While she lay idle for a few years at Portland's Custom House wharf she was kept in reasonably good shape by one or two men who for sentimental reasons wanted to take care of her. This and her original engine is probably what saved her from eventual oblivion. It is noteworthy that at one time Sabino was, by Casco Bay Lines offered to the city of Portland and to the State of Maine for one dollar. Both declined the offer.
Eventually she was sold for $500, after which she saw more service as a pleasure cruise boat, another sinking, another refurbishing and still more use on several rivers and bays in eastern Massachusetts.
The Sabino at Mystic Seaport
It was in 1973 that she was purchased by the Mystic Seaport. This was the stroke of fate that comes as close to preserving her for posterity as anything possibly could. Here, for the forseeable future she will be safe from the hammers and cutting torches of the ghouls of the salvage business.
The Mystic Seaport is a museum of life and work on the sea during the early to mid-1800s. Here can be seen examples of the ships, the tools, and the methods of the days of sail in general and the whaling days in particular. Considering that our little friend from Casco Bay does not have that kind of heritage, she has certainly found a good home.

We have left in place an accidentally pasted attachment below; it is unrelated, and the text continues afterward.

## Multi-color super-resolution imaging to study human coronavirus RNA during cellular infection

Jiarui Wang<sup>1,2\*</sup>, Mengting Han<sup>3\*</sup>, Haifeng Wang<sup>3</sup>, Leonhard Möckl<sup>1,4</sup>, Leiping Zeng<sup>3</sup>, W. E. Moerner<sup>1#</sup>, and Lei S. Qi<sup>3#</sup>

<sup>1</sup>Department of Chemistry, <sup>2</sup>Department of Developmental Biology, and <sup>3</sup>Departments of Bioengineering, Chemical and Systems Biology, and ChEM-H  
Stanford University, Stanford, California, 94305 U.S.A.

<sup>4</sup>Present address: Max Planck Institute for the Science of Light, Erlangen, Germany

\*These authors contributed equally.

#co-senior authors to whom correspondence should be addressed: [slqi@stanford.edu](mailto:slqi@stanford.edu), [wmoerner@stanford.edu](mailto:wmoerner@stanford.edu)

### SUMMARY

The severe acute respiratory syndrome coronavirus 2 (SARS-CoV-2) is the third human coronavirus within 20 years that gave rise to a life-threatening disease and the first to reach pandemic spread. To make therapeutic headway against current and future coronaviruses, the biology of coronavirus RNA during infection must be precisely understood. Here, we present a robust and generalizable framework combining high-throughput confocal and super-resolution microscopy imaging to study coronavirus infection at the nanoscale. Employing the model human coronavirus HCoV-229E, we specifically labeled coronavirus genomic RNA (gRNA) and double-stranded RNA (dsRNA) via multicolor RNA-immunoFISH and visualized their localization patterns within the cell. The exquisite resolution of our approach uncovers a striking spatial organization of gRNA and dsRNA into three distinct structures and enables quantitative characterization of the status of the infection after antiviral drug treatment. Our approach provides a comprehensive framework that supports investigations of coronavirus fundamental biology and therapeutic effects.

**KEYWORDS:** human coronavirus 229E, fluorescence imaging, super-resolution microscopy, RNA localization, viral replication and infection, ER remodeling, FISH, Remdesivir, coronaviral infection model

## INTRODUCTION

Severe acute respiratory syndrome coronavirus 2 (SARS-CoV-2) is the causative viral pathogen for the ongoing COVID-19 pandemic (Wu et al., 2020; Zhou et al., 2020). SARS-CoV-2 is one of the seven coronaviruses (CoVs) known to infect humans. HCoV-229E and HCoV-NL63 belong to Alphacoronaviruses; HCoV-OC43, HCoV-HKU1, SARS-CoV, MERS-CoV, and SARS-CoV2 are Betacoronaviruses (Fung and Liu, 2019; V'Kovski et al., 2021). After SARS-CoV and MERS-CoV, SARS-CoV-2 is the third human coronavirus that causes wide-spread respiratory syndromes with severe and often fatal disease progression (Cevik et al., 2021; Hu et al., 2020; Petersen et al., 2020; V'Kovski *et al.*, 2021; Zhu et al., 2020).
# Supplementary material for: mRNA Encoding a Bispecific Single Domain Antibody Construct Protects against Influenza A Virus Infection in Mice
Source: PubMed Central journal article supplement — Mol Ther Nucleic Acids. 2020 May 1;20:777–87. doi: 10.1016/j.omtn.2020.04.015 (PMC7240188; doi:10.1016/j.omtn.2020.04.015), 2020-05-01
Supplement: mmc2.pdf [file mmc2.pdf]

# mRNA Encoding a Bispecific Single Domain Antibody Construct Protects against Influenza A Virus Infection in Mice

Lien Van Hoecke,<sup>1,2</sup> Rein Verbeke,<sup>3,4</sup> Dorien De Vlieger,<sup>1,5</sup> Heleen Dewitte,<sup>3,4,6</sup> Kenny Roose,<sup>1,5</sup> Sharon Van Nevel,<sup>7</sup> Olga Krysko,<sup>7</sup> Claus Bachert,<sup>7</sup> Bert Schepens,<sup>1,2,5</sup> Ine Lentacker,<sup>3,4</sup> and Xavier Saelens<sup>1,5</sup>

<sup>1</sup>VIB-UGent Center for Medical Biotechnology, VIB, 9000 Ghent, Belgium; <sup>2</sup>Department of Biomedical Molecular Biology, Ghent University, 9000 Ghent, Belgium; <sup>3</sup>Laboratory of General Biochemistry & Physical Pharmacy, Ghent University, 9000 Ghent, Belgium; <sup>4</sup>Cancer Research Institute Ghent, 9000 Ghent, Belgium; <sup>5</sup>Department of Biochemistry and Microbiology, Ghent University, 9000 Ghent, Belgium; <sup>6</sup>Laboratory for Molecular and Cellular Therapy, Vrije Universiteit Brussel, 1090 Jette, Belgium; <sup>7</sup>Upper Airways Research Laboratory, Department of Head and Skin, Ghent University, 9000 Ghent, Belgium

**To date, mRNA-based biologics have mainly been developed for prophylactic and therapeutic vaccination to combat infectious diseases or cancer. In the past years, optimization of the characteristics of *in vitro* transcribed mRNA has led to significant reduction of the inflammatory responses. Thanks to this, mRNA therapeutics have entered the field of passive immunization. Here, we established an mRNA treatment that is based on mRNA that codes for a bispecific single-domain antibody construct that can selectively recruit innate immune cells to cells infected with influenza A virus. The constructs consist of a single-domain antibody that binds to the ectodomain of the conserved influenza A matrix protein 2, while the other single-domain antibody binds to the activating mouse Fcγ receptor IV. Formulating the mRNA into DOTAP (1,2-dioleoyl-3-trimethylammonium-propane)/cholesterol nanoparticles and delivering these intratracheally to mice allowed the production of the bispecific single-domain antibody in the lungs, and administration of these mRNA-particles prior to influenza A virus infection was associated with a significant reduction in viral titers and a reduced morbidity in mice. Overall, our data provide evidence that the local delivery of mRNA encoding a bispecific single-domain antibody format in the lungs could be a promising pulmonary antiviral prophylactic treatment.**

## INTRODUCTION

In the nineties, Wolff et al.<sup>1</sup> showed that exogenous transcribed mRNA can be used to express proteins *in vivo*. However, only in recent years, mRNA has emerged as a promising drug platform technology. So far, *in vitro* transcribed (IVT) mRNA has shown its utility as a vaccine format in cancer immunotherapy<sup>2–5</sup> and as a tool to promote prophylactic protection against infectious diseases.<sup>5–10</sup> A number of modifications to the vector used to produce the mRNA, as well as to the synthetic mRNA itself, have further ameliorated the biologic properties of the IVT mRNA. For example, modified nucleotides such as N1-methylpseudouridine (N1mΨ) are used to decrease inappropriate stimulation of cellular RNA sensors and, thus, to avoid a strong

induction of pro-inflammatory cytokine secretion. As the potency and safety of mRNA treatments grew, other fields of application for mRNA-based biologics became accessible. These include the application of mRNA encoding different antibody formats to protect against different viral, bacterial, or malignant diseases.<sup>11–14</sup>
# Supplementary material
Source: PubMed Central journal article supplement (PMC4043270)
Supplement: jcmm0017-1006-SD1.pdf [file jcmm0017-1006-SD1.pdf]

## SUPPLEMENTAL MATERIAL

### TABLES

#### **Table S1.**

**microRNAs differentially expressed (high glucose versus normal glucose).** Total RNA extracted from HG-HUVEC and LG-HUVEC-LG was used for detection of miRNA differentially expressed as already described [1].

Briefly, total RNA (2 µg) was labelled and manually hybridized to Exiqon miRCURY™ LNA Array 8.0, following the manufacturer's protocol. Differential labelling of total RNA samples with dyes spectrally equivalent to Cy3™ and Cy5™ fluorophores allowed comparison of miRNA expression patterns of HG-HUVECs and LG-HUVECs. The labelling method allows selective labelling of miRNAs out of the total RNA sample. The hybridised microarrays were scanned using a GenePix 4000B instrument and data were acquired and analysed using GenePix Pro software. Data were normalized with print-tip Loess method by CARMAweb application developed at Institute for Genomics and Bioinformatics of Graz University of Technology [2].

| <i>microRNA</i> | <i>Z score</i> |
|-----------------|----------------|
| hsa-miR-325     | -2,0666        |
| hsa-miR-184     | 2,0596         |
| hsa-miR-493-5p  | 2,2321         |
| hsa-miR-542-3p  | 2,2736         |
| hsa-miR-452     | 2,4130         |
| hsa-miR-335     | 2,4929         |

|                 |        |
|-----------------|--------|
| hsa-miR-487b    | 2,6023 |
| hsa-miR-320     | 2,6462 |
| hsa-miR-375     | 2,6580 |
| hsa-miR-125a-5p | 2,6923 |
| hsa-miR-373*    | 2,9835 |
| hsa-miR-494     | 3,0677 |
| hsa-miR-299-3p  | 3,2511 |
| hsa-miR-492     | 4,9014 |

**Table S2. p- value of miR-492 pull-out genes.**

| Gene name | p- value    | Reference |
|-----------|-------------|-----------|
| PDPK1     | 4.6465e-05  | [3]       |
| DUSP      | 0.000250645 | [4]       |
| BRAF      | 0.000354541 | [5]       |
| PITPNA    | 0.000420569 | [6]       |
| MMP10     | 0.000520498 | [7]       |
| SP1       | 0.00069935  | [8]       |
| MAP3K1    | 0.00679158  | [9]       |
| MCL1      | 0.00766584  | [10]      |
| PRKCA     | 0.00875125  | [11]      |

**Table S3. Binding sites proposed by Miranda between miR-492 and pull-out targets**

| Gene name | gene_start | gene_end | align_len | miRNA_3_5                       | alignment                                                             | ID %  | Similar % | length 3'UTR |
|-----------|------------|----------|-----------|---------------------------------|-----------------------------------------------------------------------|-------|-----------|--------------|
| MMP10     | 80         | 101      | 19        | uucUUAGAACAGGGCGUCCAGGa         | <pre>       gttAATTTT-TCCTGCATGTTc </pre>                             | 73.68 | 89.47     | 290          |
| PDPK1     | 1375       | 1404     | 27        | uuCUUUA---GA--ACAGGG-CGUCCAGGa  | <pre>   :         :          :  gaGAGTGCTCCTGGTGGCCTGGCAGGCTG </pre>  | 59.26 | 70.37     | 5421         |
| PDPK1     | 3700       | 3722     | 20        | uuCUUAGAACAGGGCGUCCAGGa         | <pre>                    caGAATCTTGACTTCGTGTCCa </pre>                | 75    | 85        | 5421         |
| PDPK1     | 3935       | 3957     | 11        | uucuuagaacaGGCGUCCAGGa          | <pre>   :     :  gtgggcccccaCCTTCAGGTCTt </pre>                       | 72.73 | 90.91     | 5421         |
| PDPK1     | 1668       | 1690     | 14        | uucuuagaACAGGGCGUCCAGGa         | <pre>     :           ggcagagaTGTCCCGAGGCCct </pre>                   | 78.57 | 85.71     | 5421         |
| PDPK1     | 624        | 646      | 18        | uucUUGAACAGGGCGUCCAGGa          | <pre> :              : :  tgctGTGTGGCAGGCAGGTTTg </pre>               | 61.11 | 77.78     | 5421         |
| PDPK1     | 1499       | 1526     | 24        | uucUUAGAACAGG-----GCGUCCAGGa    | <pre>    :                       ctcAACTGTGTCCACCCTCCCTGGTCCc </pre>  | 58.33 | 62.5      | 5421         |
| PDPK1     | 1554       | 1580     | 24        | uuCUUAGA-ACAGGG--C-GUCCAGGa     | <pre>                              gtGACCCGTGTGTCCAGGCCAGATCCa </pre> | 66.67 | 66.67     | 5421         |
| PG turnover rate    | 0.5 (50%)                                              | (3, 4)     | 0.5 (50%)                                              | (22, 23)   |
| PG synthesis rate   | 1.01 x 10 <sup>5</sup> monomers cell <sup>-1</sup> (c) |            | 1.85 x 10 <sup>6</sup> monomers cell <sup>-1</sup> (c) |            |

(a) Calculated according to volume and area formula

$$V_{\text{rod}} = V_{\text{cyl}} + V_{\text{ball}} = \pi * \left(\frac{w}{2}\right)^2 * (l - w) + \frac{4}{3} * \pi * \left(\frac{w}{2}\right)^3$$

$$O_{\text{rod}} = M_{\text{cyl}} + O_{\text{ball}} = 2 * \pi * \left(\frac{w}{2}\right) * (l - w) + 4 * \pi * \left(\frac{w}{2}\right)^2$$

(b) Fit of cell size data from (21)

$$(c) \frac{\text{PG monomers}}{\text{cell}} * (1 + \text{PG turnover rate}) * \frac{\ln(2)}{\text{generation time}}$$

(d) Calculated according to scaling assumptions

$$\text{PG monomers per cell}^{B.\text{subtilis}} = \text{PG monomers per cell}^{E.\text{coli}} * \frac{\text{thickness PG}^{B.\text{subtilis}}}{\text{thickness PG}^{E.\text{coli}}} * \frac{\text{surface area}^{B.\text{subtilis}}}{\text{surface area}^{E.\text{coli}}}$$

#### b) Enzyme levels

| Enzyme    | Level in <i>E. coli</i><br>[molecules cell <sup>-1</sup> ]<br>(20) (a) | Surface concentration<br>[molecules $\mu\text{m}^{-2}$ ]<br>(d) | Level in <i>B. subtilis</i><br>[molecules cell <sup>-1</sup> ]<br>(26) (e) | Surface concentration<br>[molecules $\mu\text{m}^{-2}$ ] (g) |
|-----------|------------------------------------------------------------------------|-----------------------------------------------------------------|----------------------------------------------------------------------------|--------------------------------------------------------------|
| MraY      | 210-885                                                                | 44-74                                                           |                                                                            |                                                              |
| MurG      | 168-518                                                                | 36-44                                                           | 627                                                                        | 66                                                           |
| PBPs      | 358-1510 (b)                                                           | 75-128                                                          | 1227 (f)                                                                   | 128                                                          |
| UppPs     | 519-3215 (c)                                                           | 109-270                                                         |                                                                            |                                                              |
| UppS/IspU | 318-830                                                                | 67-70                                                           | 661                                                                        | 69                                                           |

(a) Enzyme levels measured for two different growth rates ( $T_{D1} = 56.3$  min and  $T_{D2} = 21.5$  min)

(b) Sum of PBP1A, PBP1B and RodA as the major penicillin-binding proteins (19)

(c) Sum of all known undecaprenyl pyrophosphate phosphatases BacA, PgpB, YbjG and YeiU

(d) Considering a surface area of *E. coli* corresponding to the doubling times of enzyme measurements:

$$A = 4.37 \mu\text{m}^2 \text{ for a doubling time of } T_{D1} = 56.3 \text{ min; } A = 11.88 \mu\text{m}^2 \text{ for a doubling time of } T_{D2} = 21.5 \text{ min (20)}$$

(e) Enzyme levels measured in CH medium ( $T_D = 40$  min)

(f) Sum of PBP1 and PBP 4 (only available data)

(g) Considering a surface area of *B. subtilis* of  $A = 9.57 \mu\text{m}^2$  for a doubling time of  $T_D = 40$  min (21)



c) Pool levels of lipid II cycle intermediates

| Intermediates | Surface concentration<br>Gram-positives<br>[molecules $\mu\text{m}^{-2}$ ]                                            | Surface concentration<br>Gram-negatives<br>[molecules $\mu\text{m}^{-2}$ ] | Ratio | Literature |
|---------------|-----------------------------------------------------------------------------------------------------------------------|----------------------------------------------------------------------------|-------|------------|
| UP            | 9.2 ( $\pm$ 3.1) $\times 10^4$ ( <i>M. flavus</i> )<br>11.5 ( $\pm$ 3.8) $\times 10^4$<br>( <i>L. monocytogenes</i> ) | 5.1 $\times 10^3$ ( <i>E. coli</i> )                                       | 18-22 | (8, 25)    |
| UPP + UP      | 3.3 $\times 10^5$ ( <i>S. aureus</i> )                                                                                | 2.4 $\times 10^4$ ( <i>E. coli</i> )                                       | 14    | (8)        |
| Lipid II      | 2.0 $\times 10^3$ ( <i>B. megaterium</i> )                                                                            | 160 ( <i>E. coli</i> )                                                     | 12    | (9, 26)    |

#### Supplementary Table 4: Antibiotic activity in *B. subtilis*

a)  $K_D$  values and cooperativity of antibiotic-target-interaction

Here at Mystic Connecticut, since 1970 she has had the finest of care and has been leading a leisurely existence taking visitors to the Seaport on quiet and relaxing cruises on the placid waters of the Mystic river. (You can read more about Sabino at Mystic Seaport's website, or at the Sabino website.) Sabino has certainly had an unusual and in later years a charmed existence. Although she had some tough times in the early days, lady luck always seemed to be there to lend a hand. This was usually through the emergence of someone genuinely interested in preserving Sabino for another few years.
Whenever, in the summertime, I go down to Mystic for a relaxing afternoon, I try to time it so I can be on the bridge over the river in time to again see my old acquaintance from Casco Bay. After all these years, it's a good feeling to see that she is alive and well.
Milton Sherman, shipmate,
8th div. machine shops.
Bolton, Connecticut, 1995
Recollections of Milton W. Sherman (1919-2010). He served in the U.S. Navy during WW2, on board the USS Denebola, AD-12, when he was in mid-twenties. On board the Denebola, he sailed to the Mediterranean in 1944 and the Pacific in 1945, where he bought some fascinating vintage postcards and photographs. You might enjoy seeing these pictures in his travels in the Denebola.